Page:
Legends? Check. Destiny? Check. Princess? Not exactly. Moana is a chieftain’s daughter, a far more proactive role than princess, which, from what I understand, is primarily comprised of sleeping, waltzing and the careless loss of priceless footwear. Moana saves the world barefoot—as I have learned from cartoons.
But before that, she lives peacefully with her parents and fellow tribespeople on the island of Motunui, where, to quote another Disney film, a problem-free philosophy reigns supreme. Moana’s father preaches the dangers of venturing beyond the reef, while she yearns to hit the open. After discovering that the island is being suffocated by some unknown force—fish are disappearing and coconuts are inedible—Moana has no choice but to leave the island and seek the aid of Maui, a legendary demigod who wields a fishhook and the ability to shapeshift into any animal. He also happens to have an ego the size of his torso—umpteen years on a deserted island, and he spends them crafting a statue of himself. Together, Moana and Maui must return an ancient artifact to an ancient dwelling—that usually works, right? Oh, yes, along for the journey is Heihei, Moana’s pet chicken, who is a few eggs short of a dozen, if you know what I mean.
It seems like at least once a year, I will get blown away by how far animation has come. I’m not talking about the individual strands of hair or the photorealistic water, I’m talking about the subtle, unconscious twitch in Moana’s face when she spots her grandmother dancing alone while everyone else chants and moves as one. This is a perfect illustration—pun intended—of how technology can invigorate story, rather than replace it. There’s some worry among the workforce these days concerning robots taking over jobs; it turns out actors might have the same problem.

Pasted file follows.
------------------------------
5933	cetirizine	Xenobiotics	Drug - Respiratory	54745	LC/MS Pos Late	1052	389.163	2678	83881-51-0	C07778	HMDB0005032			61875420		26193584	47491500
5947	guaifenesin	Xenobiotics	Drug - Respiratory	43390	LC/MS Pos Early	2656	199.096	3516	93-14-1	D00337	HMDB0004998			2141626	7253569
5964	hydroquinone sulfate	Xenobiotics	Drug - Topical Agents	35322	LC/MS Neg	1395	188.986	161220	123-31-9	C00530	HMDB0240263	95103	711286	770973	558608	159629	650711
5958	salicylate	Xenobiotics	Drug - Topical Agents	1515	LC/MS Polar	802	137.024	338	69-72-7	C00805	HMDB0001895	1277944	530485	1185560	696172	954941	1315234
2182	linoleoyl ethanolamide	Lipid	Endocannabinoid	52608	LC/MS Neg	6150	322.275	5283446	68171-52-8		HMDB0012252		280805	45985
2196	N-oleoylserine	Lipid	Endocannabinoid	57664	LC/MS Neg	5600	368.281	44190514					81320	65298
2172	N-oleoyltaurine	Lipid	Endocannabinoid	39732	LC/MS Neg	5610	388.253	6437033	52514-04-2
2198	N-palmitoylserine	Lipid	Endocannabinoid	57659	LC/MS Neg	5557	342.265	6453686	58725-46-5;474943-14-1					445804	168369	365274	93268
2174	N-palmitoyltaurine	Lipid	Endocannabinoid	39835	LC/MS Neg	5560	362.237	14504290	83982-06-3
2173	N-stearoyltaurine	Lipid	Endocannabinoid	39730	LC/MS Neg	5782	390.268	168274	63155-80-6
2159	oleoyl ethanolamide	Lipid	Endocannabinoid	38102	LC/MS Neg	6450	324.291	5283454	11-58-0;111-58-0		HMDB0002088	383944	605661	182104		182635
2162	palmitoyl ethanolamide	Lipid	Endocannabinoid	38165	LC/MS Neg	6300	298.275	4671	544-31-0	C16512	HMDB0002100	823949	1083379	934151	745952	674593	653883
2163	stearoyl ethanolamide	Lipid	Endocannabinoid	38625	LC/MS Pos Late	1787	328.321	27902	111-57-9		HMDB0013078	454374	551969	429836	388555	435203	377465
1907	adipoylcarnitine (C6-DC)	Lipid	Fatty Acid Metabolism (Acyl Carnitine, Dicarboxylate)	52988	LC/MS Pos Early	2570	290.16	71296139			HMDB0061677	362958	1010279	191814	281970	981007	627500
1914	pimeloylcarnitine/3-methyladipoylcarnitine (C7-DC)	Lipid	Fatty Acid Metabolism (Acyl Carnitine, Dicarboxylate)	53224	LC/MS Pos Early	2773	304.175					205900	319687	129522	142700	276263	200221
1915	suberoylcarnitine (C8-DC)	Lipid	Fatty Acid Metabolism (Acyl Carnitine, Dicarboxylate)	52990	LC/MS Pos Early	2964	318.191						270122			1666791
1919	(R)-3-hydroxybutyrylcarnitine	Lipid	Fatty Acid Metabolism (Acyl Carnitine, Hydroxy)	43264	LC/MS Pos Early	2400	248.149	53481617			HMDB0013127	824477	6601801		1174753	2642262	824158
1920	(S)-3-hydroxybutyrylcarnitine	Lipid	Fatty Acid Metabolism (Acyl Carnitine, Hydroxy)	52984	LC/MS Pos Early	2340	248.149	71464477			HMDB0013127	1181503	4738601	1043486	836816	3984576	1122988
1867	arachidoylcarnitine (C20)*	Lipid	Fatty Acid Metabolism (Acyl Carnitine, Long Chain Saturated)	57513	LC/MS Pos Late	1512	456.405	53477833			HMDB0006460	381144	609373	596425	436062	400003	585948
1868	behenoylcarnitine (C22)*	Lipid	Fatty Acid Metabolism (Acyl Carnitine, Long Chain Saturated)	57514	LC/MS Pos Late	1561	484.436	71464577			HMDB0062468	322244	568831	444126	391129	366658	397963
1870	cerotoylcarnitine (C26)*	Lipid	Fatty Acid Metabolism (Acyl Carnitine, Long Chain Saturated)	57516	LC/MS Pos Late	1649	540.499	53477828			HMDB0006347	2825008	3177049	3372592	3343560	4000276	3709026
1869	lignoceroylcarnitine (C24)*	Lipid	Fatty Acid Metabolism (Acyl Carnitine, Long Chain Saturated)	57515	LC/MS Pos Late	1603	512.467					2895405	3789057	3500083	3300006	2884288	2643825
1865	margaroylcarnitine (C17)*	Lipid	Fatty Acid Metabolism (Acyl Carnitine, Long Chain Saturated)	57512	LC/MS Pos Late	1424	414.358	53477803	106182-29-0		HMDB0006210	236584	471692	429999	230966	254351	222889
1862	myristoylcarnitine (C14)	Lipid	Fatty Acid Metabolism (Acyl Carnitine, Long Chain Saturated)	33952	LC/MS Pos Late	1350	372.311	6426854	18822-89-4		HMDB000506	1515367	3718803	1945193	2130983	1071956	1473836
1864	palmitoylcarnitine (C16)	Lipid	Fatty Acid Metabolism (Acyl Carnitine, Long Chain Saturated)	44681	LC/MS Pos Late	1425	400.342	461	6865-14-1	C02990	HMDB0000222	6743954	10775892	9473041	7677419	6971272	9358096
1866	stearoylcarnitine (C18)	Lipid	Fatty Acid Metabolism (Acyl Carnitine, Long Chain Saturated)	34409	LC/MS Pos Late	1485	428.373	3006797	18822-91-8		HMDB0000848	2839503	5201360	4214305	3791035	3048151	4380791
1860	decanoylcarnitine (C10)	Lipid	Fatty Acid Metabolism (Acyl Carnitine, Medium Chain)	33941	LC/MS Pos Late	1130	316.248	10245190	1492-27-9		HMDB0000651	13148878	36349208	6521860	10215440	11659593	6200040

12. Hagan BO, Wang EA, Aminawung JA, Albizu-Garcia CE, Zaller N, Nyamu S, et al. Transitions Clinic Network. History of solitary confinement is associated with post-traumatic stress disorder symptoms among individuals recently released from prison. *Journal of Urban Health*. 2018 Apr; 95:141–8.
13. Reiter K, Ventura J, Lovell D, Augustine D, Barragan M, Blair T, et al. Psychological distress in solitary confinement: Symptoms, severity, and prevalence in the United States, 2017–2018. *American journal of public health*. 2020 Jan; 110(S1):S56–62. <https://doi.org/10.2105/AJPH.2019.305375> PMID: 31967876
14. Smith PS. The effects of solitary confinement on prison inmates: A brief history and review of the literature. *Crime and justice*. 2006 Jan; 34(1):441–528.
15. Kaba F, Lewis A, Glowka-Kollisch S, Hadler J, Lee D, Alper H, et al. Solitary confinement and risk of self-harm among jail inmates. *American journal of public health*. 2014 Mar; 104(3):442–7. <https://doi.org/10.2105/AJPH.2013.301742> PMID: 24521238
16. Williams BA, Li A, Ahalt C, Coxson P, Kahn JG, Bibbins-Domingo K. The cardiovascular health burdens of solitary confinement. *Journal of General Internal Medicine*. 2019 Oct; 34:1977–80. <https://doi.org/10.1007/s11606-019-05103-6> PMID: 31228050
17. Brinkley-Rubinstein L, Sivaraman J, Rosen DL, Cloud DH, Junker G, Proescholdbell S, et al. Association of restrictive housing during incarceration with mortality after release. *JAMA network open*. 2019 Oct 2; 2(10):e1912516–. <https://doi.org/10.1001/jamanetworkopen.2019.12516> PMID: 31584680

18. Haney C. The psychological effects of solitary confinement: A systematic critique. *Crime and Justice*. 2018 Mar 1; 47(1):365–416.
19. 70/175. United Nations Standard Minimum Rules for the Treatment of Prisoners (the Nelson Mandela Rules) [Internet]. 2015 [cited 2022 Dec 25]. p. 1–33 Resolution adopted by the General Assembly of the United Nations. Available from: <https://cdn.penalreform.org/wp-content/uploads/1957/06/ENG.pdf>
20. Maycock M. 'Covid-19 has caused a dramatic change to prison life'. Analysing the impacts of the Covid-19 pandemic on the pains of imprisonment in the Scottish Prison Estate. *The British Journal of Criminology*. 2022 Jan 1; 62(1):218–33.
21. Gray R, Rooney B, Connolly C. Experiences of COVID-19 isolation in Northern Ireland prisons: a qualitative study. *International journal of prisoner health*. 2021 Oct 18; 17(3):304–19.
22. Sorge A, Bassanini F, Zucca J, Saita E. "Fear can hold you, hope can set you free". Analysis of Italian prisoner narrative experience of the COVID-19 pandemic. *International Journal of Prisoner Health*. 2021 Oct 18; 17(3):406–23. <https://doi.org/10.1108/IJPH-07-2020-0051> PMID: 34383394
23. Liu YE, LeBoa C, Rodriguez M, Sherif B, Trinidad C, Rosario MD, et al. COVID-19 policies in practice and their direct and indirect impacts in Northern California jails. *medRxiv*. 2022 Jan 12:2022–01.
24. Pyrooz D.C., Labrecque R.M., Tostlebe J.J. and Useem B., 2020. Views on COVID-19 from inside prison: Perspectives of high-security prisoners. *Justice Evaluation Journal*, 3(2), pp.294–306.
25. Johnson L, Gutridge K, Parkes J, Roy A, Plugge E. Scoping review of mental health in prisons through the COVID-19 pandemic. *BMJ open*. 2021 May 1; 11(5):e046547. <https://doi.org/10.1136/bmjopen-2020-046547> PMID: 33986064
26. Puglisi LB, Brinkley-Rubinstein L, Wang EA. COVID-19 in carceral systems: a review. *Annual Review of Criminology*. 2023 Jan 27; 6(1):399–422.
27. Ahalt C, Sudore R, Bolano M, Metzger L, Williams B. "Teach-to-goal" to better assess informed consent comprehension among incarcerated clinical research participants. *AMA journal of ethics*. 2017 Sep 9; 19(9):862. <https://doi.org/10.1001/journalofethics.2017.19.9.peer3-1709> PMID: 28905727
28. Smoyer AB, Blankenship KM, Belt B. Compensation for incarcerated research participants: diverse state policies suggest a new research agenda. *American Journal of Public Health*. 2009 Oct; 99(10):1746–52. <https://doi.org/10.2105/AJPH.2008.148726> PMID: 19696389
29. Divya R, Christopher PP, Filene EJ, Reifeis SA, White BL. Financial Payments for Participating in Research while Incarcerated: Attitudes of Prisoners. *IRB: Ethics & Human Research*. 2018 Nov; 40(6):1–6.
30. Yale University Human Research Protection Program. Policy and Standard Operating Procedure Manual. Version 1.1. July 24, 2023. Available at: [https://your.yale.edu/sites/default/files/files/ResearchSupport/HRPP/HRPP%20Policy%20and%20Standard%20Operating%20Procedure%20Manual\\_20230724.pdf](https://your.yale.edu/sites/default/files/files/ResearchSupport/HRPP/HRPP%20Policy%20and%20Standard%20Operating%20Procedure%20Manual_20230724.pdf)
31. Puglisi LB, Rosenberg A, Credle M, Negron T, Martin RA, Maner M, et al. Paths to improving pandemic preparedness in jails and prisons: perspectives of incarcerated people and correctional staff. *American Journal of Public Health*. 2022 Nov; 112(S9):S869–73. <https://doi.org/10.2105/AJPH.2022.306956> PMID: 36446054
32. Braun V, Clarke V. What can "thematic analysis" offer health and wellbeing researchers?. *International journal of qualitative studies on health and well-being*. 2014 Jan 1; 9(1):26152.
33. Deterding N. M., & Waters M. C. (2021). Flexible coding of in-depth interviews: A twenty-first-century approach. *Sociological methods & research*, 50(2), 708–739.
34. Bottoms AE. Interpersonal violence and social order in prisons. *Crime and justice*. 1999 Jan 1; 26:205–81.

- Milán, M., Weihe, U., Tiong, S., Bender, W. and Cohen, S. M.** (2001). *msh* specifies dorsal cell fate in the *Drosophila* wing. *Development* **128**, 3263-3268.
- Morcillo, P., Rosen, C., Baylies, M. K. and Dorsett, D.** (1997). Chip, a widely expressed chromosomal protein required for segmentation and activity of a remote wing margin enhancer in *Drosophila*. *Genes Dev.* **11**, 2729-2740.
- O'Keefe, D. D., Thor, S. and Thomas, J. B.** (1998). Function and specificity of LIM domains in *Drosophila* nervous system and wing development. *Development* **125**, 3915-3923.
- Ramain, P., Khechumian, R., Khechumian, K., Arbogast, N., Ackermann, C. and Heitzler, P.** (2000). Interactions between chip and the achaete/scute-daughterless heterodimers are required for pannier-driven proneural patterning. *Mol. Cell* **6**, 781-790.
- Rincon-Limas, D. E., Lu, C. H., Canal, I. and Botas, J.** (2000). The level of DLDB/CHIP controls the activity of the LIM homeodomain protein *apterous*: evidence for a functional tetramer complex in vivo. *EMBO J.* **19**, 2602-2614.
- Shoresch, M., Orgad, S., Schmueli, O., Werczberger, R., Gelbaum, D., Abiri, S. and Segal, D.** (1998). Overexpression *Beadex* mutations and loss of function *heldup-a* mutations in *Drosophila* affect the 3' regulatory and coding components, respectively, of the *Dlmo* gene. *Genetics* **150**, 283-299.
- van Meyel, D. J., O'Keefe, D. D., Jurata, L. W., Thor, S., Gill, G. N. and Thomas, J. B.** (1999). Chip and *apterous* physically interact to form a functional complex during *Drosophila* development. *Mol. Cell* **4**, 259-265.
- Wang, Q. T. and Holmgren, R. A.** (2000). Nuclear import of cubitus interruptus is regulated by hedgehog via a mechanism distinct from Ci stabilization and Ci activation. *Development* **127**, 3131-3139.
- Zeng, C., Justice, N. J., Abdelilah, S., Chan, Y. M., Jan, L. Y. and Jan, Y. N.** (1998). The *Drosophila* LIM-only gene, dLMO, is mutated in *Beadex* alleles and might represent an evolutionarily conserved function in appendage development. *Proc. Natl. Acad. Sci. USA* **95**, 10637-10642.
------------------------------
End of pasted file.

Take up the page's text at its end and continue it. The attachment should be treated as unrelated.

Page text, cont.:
This is the first 3-D animation film from Ron Clements and John Musker, the directors of “The Little Mermaid” and “Aladdin.” Nothing has been lost in translation, as the visuals are as rich and captivating as ever. Take the fleet of coconut pirates, who must draw their own facial expressions with chalk—how considerate, if you think about it. Or the enormous, glam-rock coconut crab, who sings like Bowie and cuts like a Bowie knife. Even Maui’s tattoos have personality, and this goes beyond flexing a bicep to make a hula girl dance. These flourishes of imagination maintain an otherwise conventional hero’s odyssey.
Broadway darling, Lin-Manuel Miranda, wrote the songs, along with Opetaia Foa’i and Mark Mancina. It would be a thankless task to compare the tracks to the Sherman brothers or Randy Newman, but they’re definitely better than the offerings of “Frozen,” which I found to be highly overrated. What is essentially Moana’s theme song, “How Far I’ll Go,” is a bit too “teenage girl singing on her windowsill” for my taste, but Dwayne Johnson belting out “You’re Welcome,” an anthem to narcissism, is a jaunty good time and definitely whistle-worthy.
In more ways than one, “Moana” is cookie-cutter Disney: you’ve got the spunky “princess,” the helicopter parents, the wise yet carefree senior-citizen, the animal sidekick—which the film pokes fun at—and a misunderstood evildoer. But what can I say? Lay on a thick coat of South Pacific culture, and it’s good as new.
3.5 out of 5 stars